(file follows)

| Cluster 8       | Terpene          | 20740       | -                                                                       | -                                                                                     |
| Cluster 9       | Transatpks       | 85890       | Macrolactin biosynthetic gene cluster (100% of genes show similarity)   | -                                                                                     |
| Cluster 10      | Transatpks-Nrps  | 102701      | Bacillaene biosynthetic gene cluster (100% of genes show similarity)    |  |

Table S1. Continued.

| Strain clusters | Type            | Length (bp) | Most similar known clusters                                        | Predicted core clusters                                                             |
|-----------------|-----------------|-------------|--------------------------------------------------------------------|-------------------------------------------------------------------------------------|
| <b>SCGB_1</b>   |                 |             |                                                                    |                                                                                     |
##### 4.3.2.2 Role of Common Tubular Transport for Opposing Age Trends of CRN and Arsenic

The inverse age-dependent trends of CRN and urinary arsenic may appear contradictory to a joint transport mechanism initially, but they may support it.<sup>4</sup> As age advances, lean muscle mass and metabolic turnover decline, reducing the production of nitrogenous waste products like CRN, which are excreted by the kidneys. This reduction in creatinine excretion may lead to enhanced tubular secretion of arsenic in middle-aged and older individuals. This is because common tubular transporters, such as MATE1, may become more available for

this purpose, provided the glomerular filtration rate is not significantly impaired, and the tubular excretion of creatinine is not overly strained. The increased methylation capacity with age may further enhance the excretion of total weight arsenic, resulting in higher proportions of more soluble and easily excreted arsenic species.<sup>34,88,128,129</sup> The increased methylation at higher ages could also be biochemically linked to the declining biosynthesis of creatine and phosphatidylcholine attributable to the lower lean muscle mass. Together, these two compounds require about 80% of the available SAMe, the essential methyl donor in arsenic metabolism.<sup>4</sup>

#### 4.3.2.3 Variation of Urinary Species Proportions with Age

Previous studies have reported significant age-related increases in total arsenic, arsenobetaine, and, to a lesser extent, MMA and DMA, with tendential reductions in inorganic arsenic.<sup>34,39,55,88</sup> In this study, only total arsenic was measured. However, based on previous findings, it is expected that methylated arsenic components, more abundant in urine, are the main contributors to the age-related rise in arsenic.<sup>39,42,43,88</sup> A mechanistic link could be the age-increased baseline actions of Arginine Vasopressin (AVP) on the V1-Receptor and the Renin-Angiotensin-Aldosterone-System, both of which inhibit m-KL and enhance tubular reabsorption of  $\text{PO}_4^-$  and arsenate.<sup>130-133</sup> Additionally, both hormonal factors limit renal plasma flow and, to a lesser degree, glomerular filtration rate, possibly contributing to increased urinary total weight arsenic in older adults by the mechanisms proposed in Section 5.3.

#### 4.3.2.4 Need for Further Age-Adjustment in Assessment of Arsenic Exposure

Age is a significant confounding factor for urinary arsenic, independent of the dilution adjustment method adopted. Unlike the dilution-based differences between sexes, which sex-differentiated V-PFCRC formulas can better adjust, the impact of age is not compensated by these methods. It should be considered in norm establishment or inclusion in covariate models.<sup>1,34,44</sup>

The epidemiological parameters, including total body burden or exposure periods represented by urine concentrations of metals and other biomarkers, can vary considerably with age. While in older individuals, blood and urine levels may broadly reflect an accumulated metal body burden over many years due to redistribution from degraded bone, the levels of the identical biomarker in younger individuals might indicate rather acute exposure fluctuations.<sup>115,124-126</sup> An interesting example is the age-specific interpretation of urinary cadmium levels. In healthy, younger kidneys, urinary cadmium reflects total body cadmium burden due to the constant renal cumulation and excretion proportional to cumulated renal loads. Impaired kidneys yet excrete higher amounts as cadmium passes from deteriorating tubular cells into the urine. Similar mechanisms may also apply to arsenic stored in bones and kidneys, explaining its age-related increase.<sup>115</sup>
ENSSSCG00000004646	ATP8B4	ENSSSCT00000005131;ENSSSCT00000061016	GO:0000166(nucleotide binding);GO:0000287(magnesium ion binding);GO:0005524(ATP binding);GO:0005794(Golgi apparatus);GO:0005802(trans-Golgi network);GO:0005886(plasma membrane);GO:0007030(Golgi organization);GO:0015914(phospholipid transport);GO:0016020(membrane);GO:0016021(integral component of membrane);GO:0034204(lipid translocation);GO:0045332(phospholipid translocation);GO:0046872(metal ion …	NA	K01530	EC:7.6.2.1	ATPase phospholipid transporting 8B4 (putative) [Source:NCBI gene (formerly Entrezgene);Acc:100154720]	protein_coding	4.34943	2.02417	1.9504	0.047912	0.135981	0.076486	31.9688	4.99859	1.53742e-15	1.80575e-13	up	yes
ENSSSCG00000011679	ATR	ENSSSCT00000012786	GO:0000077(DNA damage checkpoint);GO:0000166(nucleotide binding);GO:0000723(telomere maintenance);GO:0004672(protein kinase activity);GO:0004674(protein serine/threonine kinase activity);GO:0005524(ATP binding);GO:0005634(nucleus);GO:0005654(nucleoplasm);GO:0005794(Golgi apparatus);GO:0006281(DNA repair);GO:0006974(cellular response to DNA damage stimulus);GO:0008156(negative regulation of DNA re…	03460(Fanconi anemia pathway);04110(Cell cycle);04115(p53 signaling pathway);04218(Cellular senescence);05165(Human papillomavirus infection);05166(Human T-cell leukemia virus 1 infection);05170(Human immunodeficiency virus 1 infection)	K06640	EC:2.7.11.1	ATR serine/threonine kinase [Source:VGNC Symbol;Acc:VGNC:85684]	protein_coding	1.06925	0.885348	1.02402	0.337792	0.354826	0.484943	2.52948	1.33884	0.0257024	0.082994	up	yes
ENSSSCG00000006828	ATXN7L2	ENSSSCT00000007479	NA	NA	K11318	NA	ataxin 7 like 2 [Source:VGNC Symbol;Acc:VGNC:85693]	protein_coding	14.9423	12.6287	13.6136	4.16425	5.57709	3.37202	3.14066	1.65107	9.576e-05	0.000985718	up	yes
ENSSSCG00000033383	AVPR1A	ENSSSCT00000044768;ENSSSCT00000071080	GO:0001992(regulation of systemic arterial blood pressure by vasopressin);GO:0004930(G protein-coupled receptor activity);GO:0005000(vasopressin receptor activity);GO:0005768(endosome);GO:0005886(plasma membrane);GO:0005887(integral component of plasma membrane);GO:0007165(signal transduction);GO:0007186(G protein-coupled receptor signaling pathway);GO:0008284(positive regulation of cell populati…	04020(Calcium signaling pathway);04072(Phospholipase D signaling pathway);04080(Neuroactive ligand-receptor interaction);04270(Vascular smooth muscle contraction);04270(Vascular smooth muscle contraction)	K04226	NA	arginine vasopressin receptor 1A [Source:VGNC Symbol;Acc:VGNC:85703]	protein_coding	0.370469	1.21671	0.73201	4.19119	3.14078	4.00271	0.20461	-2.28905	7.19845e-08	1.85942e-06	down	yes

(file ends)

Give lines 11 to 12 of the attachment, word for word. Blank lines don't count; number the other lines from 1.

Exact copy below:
#### 4.3.2.3 Variation of Urinary Species Proportions with Age

Previous studies have reported significant age-related increases in total arsenic, arsenobetaine, and, to a lesser extent, MMA and DMA, with tendential reductions in inorganic arsenic.<sup>34,39,55,88</sup> In this study, only total arsenic was measured. However, based on previous findings, it is expected that methylated arsenic components, more abundant in urine, are the main contributors to the age-related rise in arsenic.<sup>39,42,43,88</sup> A mechanistic link could be the age-increased baseline actions of Arginine Vasopressin (AVP) on the V1-Receptor and the Renin-Angiotensin-Aldosterone-System, both of which inhibit m-KL and enhance tubular reabsorption of  $\text{PO}_4^-$  and arsenate.<sup>130-133</sup> Additionally, both hormonal factors limit renal plasma flow and, to a lesser degree, glomerular filtration rate, possibly contributing to increased urinary total weight arsenic in older adults by the mechanisms proposed in Section 5.3.